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Open AccessArticle

Are Existing Monocular Computer Vision-Based 3D Motion Capture Approaches Ready for Deployment? A Methodological Study on the Example of Alpine Skiing

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Computer Vision Laboratory, École Polytechnique Fédérale de Lausanne, 1015 Lausanne, Switzerland
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Faculty of Electrical Engineering and Computing, University of Zagreb, 10000 Zagreb, Croatia
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Department of Computer Science, University of British Columbia, Vancouver, BC V6T 1Z4, Canada
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Department of Sport Science and Kinesiology, University of Salzburg, 5400 Hallein-Rif, Austria
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Department of Orthopedics, Balgrist University Hospital, University of Zurich, 8008 Zurich, Switzerland
*
Author to whom correspondence should be addressed.
Sensors 2019, 19(19), 4323; https://doi.org/10.3390/s19194323
Received: 2 September 2019 / Revised: 1 October 2019 / Accepted: 2 October 2019 / Published: 6 October 2019
(This article belongs to the Section Physical Sensors)
In this study, we compared a monocular computer vision (MCV)-based approach with the golden standard for collecting kinematic data on ski tracks (i.e., video-based stereophotogrammetry) and assessed its deployment readiness for answering applied research questions in the context of alpine skiing. The investigated MCV-based approach predicted the three-dimensional human pose and ski orientation based on the image data from a single camera. The data set used for training and testing the underlying deep nets originated from a field experiment with six competitive alpine skiers. The normalized mean per joint position error of the MVC-based approach was found to be 0.08 ± 0.01 m. Knee flexion showed an accuracy and precision (in parenthesis) of 0.4 ± 7.1° (7.2 ± 1.5°) for the outside leg, and −0.2 ± 5.0° (6.7 ± 1.1°) for the inside leg. For hip flexion, the corresponding values were −0.4 ± 6.1° (4.4° ± 1.5°) and −0.7 ± 4.7° (3.7 ± 1.0°), respectively. The accuracy and precision of skiing-related metrics were revealed to be 0.03 ± 0.01 m (0.01 ± 0.00 m) for relative center of mass position, −0.1 ± 3.8° (3.4 ± 0.9) for lean angle, 0.01 ± 0.03 m (0.02 ± 0.01 m) for center of mass to outside ankle distance, 0.01 ± 0.05 m (0.03 ± 0.01 m) for fore/aft position, and 0.00 ± 0.01 m2 (0.01 ± 0.00 m2) for drag area. Such magnitudes can be considered acceptable for detecting relevant differences in the context of alpine skiing. View Full-Text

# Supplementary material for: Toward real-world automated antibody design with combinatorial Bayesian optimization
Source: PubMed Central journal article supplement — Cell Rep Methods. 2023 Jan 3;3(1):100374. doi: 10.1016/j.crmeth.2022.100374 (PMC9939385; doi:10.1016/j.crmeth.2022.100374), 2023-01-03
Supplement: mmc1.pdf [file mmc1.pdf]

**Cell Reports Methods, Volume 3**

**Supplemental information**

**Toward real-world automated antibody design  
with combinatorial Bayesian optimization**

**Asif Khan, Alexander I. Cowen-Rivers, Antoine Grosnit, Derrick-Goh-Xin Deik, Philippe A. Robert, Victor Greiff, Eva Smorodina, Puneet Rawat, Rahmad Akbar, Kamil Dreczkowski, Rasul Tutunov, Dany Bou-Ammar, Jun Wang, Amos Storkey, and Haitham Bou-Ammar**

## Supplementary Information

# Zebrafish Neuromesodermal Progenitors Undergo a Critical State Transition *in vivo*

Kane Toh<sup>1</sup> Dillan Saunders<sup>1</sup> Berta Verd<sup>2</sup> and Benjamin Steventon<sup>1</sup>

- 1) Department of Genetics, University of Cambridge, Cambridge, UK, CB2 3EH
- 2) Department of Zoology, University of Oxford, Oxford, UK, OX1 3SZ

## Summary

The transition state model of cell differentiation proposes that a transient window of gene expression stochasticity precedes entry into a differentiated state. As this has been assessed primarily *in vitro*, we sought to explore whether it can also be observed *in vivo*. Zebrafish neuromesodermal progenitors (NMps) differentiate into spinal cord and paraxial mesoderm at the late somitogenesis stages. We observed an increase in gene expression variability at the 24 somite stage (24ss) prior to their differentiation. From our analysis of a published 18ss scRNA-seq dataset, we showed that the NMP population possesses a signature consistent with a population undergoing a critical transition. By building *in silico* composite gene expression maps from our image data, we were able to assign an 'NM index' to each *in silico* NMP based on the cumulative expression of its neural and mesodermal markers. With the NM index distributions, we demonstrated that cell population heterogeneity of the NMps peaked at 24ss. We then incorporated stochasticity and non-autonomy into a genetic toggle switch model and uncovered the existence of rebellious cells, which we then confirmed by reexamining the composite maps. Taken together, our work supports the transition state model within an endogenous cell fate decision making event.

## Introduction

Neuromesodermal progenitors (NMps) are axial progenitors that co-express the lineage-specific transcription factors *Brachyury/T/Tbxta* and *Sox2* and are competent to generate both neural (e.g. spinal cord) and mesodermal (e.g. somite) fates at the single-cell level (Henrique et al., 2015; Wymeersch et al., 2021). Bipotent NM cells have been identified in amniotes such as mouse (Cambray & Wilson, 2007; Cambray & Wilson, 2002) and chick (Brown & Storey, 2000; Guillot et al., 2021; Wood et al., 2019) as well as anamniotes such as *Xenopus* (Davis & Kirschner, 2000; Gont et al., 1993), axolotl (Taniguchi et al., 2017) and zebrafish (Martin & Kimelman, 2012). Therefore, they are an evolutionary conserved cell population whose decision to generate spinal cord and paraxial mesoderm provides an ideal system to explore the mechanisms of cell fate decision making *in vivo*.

Keywords: biomechanics; human pose estimation; markerless tracking; video-based 3D kinematics; technical validation; alpine ski racing biomechanics; human pose estimation; markerless tracking; video-based 3D kinematics; technical validation; alpine ski racing
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Ostrek, M.; Rhodin, H.; Fua, P.; Müller, E.; Spörri, J. Are Existing Monocular Computer Vision-Based 3D Motion Capture Approaches Ready for Deployment? A Methodological Study on the Example of Alpine Skiing. Sensors 2019, 19, 4323.

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